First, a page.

Wednesday, February 9, 2011

Hard vs. soft language of empire, and leadership and relationships

By Chris Hedges,, February 6, 2011
Empires communicate in two languages. One language is expressed in imperatives. It is the language of command and force. This militarized language disdains human life and celebrates hypermasculinity. It demands. It makes no attempt to justify the flagrant theft of natural resources and wealth or the use of indiscriminate violence. When families are gunned down at a checkpoint in Iraq they are referred to as having been “lit up.” So it goes. The other language of empire is softer. It employs the vocabulary of ideals and lofty goals and insists that the power of empire is noble and benevolent. The language of beneficence is used to speak to those outside the centers of death and pillage, those who have not yet been totally broken, those who still must be seduced to hand over power to predators. The road traveled to total disempowerment, however, ends at the same place. It is the language used to get there that is different.
This language of blind obedience and retribution is used by authority in our inner cities, from Detroit to Oakland, as well as our prison systems. It is a language Iraqis and Afghans know intimately. But to the members of our dwindling middle class—as well as those in the working class who have yet to confront our new political and economic configuration—the powerful use phrases like the consent of the governed and democracy that help lull us into complacency. The longer we believe in the fiction that we are included in the corporate power structure, the more easily corporations pillage the country without the threat of rebellion. Those who know the truth are crushed. Those who do not are lied to. Those who consume and perpetuate the lies—including the liberal institutions of the press, the church, education, culture, labor and the Democratic Party—abet our disempowerment. No system of total control, including corporate control, exhibits its extreme forms at the beginning. These forms expand as they fail to encounter resistance.
The tactic of speaking in two languages is as old as empire itself. The ancient Greeks and the Romans did it. So did the Spanish conquistadors, the Ottomans, the French and later the British. Those who inhabit exploited zones on the peripheries of empire see and hear the truth. But the cries of those who are exploited are ignored or demonized. The rage they express does not resonate with those trapped in self-delusion, those who continue to trust in the ultimate goodness of empire. This is the truth articulated in Joseph Conrad’s “Heart of Darkness” and E.M. Forster’s “A Passage to India.” These writers understood that empire is about violence and theft. And the longer the theft continues, the more brutal empire becomes. The tyranny empire imposes on others it finally imposes on itself. The predatory forces unleashed by empire consume the host. Look around you.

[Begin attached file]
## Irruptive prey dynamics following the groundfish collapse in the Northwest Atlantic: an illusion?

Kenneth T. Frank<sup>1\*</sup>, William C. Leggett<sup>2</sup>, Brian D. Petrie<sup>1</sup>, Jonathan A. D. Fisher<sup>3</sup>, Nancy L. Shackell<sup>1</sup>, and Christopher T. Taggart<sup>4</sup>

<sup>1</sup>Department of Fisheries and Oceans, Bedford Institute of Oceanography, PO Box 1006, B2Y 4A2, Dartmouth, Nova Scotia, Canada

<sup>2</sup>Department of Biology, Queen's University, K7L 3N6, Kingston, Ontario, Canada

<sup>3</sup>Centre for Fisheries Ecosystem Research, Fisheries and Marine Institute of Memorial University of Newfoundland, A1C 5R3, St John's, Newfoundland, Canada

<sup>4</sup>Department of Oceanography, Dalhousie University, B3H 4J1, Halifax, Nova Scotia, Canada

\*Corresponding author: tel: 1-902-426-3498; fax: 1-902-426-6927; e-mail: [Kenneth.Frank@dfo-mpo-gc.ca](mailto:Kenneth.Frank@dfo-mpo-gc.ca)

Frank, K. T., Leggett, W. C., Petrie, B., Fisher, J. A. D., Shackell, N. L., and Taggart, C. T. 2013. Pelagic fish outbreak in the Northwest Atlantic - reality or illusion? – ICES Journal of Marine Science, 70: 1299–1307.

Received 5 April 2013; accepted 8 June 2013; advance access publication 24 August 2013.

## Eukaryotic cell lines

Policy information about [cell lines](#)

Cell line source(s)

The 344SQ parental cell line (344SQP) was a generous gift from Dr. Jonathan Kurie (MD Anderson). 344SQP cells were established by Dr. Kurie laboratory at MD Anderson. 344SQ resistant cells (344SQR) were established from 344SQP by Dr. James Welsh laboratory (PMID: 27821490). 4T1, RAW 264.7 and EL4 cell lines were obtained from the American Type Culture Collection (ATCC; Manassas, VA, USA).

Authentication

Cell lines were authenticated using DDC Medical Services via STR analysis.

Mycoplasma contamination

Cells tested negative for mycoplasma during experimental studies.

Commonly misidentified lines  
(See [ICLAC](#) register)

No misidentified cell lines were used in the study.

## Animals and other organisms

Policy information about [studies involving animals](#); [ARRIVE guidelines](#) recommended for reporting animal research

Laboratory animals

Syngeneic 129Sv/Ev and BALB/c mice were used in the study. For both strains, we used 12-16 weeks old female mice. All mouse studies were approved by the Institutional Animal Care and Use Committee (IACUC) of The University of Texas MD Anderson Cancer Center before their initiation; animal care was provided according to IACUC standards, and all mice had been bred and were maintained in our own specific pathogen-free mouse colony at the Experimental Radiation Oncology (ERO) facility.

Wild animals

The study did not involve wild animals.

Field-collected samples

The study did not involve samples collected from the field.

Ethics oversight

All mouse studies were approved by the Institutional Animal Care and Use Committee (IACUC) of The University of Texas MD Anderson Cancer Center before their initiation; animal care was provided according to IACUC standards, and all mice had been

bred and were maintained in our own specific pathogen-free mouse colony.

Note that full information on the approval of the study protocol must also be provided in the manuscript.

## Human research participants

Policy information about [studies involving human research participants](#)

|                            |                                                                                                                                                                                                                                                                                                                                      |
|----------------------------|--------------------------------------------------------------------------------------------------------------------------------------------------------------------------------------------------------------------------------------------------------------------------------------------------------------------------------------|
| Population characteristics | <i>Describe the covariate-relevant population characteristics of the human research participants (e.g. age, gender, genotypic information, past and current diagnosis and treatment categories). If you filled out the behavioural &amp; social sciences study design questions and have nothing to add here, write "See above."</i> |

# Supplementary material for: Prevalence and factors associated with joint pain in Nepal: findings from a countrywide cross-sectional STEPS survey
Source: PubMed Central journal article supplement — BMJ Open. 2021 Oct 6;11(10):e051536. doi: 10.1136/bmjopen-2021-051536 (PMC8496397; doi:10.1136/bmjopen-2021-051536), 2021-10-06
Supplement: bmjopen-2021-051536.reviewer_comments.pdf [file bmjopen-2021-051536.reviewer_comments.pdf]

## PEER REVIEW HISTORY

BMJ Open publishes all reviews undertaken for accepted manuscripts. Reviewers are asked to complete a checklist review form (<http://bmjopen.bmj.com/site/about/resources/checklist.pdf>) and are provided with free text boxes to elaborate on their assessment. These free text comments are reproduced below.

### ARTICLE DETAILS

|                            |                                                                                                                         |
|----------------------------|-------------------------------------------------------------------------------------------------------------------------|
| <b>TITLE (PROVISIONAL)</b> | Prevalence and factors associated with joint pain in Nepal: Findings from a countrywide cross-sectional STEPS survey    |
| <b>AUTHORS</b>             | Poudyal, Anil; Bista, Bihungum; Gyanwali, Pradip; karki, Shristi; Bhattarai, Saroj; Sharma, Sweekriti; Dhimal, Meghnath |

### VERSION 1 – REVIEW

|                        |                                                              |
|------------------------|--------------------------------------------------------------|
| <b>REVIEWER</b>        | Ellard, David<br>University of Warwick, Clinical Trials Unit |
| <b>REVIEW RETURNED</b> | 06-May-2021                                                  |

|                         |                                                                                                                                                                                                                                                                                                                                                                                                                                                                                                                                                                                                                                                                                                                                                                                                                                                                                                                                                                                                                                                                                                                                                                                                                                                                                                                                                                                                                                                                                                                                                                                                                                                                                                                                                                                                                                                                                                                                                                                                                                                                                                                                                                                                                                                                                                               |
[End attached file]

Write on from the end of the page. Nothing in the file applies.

I am familiar with both the language of command and the language of benevolence. Only, in my case, they were introduced by the opposite parent, from the usual source. My mother was the voice of command, of disempowerment, of power over, the language of authority similar to that used by the authorities in the inner cities. Only, I was not doing anything 'wrong' that merited the kind of language befitting the street gangs.
And the language of benevolence, from my father, seduced me into thinking that all men shared his idealism and his supportive nature and his leadership skills. Reality has proved that thought a very tragic irony.
Whenever I attempt to discuss this dichotomy, as I did in an addresss to a service club, a couple of decades ago, especially among business leaders, I commented on the "bully" that was a CEO in whose company I was then conducting a consultation to help build an effective leadership team. This CEO knew only the language of command, of disempowerment, of abuse, of force and power. He had been well and duly trained; he had served as an officer in the Hitler SS. And yet, immediately after my little address to the local service club, I was approached by one of its members, who corrected me, "You meant to say, 'the driver' and not the 'bully' didn't you?"
In the language and literature of organizational leadership, people represent various leadership styles. Their language could be used as metaphor for their style....and those who command represent "hard" power while those who inspire represent "soft" power....and it says here that those who use 'hard' power will be overtaken and replaced by those who 'inspire' as soon as the male myth is laid waste on the battlefield that we know as the  coronary units of our hospitals, and the cancer wards of our hospitals are so full that we cannot accommodate another single victim of his own "attitude".
We can only hope that a similar fate awaits those who "command" and "brutalize" in military and geo-political, and corporate bullying...including those governments who seek and exercise power in secret, and in language that demeans those they govern.
It's not rocket science. And it is time for the male gender, and those females who have adopted 'hard' power in their mistaken belief that imitation is the greatest form of flattery, to drop their mask of hard power, for their sake, and for our's.

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